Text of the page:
The ten year rule is no more

I recently got a message from a Facebook friend Mike Lapke in respect of the way the US taxes Golden Geese. This is what he said. “One other thing to consider is that the IRS (tax collectors in the US) still require expatriates to pay income tax for 10 years after they leave the country. Technically you could just not pay but you better never ever come back!”

I was sure this was incorrect, but to double check I spoke with my co-author David Lesperance, who is a tax lawyer who has been dealing with US expatriation for over 2 decades. He had the following observations:

The “10 year rule” has been gone since June 2008. It was replaced by a “mark to market” capital gains “deemed disposition” for those Golden Geese who exceed a certain average US income tax paid benchmark OR net worth. The test are contained in IRS form 88854, and those Golden Geese who trigger the test are called “Covered Expatriates”. This deemed disposition just brings forward an existing tax liability that was going to be paid when the asset was sold or when the person died. Often mistakenly called an “Exit Tax”, it is not a new tax, just the triggering of an existing tax (with normal capital gains exemptions and deductions). The 10 year rule applied to certain expatriates prior to June 2008 and even then only applied to the expatriates ongoing US source income and US situs property (which one obviously minimized or eliminated). In short, it had little to no impact on the expatriate when it was in existence. The rules are here (;

With regards to the dismissal of other jurisdictions, Mike makes a common but fundamental mistake of focusing on “tax rates”. Most people do not know the “ Personal Tax Equation” that determines exactly the size of check that a person writes to the US Treasury . Specifically “Taxable Income/Capital gains” times “Applicable Tax Rates” equals “Taxes Owed”. The countries listed all allow a new tax resident to greatly reduce or eliminate their taxable income. The result is that even if they have a higher rate than the US, the amount of tax actually paid is tiny.

This misunderstanding about tax rates is also used by US politicians and others to promote Tax the Rich policies. In August 2011, Warren Buffet pressed a hot button in the American electorate by writing a New York Times op ed ( where he made the statement that he pays a lower RATE of tax than everyone in his office. This little factoid soon quickly got repeated as “Warren Buffett pays less tax than his secretary”. Even President Obama in his 2012 State of the Union Address, said “but asking a billionaire to pay at least as much as his secretary in taxes … most Americans would call that common sense” (see from 1:16 in this video to draw support for his “Buffett Rule” tax hike proposal (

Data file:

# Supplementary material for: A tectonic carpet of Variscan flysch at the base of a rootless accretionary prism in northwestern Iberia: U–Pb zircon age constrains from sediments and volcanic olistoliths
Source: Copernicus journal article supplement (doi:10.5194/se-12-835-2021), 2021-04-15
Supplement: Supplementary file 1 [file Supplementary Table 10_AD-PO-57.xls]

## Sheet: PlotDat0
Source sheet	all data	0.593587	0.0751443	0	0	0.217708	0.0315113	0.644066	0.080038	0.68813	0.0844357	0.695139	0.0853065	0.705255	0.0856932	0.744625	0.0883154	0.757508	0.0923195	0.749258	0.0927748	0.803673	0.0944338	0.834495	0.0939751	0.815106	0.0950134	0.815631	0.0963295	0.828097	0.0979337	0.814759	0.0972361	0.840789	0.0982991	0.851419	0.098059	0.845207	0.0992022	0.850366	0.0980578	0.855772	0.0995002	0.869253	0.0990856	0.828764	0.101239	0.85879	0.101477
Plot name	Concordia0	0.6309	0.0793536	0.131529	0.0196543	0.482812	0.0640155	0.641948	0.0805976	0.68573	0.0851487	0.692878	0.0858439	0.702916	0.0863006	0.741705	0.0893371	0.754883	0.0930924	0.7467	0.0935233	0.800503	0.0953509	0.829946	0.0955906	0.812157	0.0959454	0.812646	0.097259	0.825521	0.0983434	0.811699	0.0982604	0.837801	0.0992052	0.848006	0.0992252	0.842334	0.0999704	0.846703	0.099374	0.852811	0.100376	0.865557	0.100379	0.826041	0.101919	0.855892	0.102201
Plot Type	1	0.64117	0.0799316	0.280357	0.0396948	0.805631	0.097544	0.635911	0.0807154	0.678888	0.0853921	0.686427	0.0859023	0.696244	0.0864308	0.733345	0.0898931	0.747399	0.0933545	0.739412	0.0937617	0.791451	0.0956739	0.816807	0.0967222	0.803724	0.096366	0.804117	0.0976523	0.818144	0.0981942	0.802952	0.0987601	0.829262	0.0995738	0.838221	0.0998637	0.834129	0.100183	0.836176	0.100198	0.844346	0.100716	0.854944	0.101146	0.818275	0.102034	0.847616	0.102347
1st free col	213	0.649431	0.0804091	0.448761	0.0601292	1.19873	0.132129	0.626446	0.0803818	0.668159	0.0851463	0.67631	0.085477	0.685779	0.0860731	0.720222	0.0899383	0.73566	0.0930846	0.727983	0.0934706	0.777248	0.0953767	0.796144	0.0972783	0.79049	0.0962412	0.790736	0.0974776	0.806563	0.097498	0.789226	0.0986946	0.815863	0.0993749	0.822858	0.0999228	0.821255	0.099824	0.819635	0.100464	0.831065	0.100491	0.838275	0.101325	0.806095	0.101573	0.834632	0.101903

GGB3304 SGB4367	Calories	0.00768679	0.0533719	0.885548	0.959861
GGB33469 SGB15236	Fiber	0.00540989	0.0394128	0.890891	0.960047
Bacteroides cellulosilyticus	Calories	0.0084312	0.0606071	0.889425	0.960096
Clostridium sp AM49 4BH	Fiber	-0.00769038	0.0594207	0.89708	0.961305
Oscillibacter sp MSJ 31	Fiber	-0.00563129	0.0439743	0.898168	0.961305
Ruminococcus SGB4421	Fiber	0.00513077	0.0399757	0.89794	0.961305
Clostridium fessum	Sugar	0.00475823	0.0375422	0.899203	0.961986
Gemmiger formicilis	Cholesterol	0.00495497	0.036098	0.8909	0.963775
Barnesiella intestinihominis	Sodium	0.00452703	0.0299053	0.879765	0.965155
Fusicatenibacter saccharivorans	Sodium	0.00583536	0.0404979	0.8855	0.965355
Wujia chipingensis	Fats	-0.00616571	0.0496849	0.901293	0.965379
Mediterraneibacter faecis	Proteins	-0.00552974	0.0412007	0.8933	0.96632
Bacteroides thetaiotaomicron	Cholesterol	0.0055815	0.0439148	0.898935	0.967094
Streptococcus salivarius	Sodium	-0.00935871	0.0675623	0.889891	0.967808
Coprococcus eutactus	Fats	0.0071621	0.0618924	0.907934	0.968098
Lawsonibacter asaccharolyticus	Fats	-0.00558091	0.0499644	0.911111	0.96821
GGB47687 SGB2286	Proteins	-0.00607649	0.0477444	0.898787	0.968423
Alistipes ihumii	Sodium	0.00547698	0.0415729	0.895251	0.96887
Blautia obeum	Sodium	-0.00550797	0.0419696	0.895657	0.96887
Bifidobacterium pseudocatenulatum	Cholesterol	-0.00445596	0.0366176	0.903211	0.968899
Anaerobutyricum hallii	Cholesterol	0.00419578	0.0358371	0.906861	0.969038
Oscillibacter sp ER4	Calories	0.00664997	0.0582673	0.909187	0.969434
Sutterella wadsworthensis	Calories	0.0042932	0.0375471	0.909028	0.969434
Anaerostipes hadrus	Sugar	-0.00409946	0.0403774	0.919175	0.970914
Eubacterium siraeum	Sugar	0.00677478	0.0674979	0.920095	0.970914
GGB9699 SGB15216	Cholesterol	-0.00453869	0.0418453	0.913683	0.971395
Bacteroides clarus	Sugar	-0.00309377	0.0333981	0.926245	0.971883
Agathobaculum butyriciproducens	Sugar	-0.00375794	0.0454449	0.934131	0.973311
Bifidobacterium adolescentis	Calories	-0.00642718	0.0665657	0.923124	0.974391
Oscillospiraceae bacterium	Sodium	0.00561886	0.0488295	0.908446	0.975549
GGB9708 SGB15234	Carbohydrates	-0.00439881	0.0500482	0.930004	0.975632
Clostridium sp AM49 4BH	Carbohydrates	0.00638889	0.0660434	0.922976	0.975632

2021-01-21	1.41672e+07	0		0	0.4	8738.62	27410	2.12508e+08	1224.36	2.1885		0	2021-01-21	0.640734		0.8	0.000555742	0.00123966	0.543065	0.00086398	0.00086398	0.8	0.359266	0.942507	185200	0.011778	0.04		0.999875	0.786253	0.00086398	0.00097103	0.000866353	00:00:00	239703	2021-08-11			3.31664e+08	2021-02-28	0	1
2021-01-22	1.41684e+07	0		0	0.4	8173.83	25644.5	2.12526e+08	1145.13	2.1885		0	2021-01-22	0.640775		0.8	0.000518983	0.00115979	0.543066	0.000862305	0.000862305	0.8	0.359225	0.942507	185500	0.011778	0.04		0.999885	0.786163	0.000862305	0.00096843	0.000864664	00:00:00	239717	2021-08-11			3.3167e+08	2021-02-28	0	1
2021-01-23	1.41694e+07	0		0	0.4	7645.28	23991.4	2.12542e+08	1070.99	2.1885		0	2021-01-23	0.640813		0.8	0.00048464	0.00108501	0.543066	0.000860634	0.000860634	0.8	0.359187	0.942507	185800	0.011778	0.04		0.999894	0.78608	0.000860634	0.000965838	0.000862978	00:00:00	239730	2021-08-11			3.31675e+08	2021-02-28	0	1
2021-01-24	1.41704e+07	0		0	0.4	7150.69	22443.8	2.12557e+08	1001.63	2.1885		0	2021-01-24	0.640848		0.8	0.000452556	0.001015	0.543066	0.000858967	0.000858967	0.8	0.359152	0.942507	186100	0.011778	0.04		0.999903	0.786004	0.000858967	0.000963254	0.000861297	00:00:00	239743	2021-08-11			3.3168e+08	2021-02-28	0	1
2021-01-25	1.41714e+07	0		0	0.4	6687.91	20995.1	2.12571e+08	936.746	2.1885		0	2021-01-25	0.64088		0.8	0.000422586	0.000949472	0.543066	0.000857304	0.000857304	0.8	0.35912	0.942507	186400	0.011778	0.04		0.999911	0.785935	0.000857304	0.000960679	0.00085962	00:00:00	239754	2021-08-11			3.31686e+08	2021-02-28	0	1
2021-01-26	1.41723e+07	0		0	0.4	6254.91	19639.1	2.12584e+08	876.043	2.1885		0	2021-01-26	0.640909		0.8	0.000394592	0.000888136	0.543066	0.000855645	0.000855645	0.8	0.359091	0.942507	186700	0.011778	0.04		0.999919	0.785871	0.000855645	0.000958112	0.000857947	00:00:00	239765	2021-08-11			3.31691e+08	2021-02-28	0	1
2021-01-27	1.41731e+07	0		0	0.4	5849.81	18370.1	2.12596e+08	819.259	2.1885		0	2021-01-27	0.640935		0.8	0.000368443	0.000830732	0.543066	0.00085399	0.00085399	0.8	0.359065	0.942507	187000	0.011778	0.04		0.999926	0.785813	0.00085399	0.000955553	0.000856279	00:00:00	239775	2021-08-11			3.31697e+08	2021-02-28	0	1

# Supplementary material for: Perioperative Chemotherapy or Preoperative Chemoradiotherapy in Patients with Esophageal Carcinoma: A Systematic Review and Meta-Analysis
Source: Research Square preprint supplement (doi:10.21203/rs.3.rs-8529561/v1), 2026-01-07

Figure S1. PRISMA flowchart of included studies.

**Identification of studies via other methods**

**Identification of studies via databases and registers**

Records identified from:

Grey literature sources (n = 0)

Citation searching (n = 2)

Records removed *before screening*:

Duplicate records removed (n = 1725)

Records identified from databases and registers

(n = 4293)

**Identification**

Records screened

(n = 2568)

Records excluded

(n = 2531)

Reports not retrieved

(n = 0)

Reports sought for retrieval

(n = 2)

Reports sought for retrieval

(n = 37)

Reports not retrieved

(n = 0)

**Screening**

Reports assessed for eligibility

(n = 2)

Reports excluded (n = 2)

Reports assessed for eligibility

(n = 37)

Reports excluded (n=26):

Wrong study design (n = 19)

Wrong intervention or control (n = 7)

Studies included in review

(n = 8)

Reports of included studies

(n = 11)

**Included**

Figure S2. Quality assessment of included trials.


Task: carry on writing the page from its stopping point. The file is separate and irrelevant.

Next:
President Obama and other proponents of “Tax the Rich” policies who make similar statements seem to be trying to pull a fast one to stoke public outrage. In the real world, Warren Buffet probably makes most of his money in a year by selling shares which have grown in value or receiving dividends. He draws relatively little in the way of salary. Therefore he would mostly be paying at a lower capital gains rate. In contrast, his secretary, Debbie Bosanek draws most if not all of her annual compensation in source deducted salary. She would be paying income tax rates on this salary, along with payroll and medicare tax. Although there is a great deal of controversy about the accuracy of the numbers that Warren Buffett later threw around in interviews (, let’s take his numbers at face value and find out what happens when you plug them into the tax equation. Now ask yourself “If you are the US government, would you rather receive Warren Buffet’s check for $6,923,494 ( or Ms. Bosanek’s check for $21,480?

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